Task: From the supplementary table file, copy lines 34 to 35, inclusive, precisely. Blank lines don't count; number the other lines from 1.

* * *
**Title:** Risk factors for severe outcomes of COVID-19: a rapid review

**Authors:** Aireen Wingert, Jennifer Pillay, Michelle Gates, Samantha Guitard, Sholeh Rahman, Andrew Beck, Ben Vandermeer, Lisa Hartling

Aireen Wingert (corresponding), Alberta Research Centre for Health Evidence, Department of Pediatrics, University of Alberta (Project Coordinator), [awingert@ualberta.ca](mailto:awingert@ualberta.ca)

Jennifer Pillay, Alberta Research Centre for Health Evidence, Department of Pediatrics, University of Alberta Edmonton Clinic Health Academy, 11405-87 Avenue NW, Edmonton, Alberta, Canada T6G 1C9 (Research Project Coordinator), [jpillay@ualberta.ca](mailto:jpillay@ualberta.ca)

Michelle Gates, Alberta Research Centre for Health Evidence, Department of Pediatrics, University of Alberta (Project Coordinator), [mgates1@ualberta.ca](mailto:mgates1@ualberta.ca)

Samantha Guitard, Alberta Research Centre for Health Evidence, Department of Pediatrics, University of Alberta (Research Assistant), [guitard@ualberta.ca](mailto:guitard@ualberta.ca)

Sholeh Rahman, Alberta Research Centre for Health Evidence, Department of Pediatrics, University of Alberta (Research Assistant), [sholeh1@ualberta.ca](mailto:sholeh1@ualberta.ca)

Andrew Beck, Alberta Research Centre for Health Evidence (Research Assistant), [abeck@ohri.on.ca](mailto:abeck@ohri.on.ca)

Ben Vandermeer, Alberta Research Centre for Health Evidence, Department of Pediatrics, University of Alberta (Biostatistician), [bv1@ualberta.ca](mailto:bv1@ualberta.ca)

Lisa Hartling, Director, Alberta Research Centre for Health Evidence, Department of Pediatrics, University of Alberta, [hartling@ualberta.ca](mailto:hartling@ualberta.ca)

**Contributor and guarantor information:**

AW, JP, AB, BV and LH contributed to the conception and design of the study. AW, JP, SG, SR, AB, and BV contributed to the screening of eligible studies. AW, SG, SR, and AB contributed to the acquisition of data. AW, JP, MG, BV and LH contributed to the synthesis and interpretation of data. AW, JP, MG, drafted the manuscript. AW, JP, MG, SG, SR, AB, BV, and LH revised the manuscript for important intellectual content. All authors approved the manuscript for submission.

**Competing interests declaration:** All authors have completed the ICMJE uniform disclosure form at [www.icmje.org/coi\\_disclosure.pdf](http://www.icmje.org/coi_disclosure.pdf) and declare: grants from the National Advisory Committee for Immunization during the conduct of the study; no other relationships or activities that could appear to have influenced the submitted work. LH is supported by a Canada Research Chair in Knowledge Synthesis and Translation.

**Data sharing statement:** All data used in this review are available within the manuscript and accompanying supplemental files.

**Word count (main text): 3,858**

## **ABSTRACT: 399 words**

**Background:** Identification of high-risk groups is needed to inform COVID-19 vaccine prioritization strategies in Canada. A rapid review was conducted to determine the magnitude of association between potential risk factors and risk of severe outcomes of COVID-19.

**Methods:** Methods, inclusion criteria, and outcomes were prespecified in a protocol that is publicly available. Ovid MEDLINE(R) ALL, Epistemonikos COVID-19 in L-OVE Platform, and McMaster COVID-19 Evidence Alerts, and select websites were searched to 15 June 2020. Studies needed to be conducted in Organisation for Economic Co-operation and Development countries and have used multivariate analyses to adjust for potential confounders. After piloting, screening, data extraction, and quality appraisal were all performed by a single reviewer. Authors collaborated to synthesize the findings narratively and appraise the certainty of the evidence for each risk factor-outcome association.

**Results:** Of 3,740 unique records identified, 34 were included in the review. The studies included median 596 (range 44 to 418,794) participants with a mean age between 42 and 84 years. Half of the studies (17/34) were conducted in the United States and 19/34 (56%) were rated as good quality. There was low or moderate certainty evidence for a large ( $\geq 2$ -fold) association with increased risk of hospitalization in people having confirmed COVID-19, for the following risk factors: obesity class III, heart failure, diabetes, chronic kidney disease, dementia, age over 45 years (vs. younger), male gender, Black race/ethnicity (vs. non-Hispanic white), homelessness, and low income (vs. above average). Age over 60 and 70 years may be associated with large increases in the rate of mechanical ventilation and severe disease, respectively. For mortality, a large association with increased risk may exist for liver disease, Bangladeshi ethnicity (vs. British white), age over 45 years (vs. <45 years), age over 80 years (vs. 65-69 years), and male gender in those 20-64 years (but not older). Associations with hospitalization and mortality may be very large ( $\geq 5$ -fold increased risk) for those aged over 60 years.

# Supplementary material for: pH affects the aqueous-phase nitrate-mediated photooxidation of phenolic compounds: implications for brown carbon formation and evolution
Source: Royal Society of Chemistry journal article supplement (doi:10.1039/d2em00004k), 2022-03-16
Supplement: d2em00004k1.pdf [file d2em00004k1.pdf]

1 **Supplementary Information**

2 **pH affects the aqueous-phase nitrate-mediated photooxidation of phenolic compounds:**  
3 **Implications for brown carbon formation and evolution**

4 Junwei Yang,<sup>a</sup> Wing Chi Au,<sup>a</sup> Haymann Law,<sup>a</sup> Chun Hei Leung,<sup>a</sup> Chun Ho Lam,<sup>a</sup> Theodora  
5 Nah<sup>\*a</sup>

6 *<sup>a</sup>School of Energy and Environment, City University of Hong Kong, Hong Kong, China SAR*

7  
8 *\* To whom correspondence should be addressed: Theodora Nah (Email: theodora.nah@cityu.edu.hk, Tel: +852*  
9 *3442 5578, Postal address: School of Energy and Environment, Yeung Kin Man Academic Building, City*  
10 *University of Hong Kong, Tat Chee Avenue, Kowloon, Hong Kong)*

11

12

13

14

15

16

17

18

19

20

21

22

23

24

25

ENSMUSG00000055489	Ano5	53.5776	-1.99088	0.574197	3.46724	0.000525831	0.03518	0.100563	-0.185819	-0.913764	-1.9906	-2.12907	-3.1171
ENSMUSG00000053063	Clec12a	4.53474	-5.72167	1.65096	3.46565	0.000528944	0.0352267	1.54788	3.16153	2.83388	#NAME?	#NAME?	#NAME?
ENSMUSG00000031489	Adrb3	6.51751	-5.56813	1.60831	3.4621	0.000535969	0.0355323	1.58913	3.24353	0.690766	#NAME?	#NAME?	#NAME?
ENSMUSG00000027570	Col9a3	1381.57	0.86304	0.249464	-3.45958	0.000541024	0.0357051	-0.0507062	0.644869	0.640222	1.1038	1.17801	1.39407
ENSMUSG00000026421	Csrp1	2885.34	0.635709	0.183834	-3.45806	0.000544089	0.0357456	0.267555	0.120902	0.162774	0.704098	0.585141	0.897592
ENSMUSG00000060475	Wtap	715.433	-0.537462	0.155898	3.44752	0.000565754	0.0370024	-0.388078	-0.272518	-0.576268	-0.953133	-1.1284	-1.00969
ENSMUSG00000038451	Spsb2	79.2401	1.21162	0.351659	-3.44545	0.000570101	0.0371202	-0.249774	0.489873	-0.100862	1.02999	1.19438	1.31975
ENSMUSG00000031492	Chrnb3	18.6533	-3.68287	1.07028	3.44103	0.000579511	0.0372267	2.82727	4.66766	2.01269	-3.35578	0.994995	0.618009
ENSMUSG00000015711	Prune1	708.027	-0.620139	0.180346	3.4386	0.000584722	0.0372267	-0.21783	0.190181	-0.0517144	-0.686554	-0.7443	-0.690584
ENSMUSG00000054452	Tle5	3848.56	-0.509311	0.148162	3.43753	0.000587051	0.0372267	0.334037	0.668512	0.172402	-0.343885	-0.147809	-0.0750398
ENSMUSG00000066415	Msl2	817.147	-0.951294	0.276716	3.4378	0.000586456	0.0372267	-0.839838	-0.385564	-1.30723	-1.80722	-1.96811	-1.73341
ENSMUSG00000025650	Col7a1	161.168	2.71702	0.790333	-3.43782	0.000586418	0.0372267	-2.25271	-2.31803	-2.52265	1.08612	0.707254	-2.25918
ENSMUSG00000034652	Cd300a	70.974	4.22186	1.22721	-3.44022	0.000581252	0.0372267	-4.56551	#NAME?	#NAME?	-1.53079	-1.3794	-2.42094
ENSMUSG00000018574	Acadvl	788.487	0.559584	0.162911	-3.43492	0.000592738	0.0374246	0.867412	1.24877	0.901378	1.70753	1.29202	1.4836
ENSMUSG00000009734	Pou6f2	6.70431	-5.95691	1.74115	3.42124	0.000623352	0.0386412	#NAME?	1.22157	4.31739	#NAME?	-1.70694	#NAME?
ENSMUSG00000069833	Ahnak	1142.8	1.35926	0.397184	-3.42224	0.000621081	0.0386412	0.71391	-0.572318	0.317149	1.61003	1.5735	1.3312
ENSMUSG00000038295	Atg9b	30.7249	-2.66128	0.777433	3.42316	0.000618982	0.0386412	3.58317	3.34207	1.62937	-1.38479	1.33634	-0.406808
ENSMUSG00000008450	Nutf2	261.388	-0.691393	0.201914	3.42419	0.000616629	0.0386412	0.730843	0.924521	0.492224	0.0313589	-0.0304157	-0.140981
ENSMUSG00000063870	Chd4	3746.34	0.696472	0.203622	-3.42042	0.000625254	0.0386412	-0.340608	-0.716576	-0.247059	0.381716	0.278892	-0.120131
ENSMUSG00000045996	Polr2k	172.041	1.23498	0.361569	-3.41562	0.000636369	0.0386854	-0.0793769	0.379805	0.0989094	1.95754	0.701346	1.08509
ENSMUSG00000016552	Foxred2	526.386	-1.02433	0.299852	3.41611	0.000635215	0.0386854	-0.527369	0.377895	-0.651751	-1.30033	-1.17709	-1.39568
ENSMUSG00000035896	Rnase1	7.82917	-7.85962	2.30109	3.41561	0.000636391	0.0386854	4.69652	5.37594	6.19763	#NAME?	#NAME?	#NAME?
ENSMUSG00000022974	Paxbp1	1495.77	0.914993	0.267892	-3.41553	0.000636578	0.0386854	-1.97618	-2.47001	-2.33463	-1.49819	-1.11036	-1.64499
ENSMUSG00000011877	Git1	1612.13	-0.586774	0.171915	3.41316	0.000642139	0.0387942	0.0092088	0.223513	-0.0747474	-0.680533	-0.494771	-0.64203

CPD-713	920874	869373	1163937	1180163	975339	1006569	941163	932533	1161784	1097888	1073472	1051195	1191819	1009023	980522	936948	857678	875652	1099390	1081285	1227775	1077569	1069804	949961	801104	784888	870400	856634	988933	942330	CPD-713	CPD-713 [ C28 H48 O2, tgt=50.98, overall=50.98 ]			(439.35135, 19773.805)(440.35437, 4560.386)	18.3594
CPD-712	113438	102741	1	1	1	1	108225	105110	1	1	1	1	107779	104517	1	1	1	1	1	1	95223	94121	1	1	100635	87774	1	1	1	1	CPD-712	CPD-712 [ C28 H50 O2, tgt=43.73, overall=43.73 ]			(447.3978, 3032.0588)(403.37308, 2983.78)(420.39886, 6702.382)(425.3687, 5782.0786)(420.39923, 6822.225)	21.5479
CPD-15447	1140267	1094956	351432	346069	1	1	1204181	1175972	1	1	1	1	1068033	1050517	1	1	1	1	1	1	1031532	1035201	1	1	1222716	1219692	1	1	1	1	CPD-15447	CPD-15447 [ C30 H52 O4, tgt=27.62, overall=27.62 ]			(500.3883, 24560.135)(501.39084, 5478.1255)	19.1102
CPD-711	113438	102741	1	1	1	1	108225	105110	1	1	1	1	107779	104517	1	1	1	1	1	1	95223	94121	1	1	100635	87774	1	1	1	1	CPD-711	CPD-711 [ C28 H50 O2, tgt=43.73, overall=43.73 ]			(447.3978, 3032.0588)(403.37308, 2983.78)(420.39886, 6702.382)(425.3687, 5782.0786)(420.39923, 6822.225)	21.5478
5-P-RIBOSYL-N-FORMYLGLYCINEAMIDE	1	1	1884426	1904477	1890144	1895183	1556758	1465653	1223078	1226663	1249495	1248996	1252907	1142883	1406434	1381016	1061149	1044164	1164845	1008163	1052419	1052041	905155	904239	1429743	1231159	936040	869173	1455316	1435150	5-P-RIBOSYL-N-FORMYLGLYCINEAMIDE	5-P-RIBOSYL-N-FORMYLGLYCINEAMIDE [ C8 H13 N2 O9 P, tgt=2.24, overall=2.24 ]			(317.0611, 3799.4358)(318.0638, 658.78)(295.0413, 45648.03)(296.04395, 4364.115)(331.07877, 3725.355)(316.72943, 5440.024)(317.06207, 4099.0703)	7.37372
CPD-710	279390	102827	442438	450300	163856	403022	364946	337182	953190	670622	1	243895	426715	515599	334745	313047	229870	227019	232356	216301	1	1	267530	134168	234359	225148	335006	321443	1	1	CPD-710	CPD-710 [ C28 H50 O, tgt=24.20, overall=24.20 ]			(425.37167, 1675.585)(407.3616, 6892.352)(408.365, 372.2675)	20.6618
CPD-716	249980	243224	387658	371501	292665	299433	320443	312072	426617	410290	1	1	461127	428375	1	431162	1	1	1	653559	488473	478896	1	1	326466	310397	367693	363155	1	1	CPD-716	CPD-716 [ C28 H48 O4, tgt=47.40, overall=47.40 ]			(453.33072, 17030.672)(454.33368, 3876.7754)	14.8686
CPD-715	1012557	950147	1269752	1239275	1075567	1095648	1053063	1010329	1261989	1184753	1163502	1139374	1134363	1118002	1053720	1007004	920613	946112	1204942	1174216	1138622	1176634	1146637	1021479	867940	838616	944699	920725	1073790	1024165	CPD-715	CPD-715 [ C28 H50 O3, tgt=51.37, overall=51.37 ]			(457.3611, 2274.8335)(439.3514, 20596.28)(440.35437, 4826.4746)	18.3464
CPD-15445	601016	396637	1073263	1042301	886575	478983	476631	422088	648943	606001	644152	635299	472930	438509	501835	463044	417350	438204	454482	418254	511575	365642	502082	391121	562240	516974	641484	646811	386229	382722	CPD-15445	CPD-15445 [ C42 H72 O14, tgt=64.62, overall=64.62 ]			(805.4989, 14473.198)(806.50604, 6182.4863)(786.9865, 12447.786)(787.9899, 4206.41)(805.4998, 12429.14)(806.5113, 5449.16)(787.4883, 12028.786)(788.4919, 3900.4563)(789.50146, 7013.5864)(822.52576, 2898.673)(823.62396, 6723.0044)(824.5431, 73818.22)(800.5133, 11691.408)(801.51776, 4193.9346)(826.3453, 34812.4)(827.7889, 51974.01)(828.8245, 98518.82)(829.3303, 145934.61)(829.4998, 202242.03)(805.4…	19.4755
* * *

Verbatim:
12

13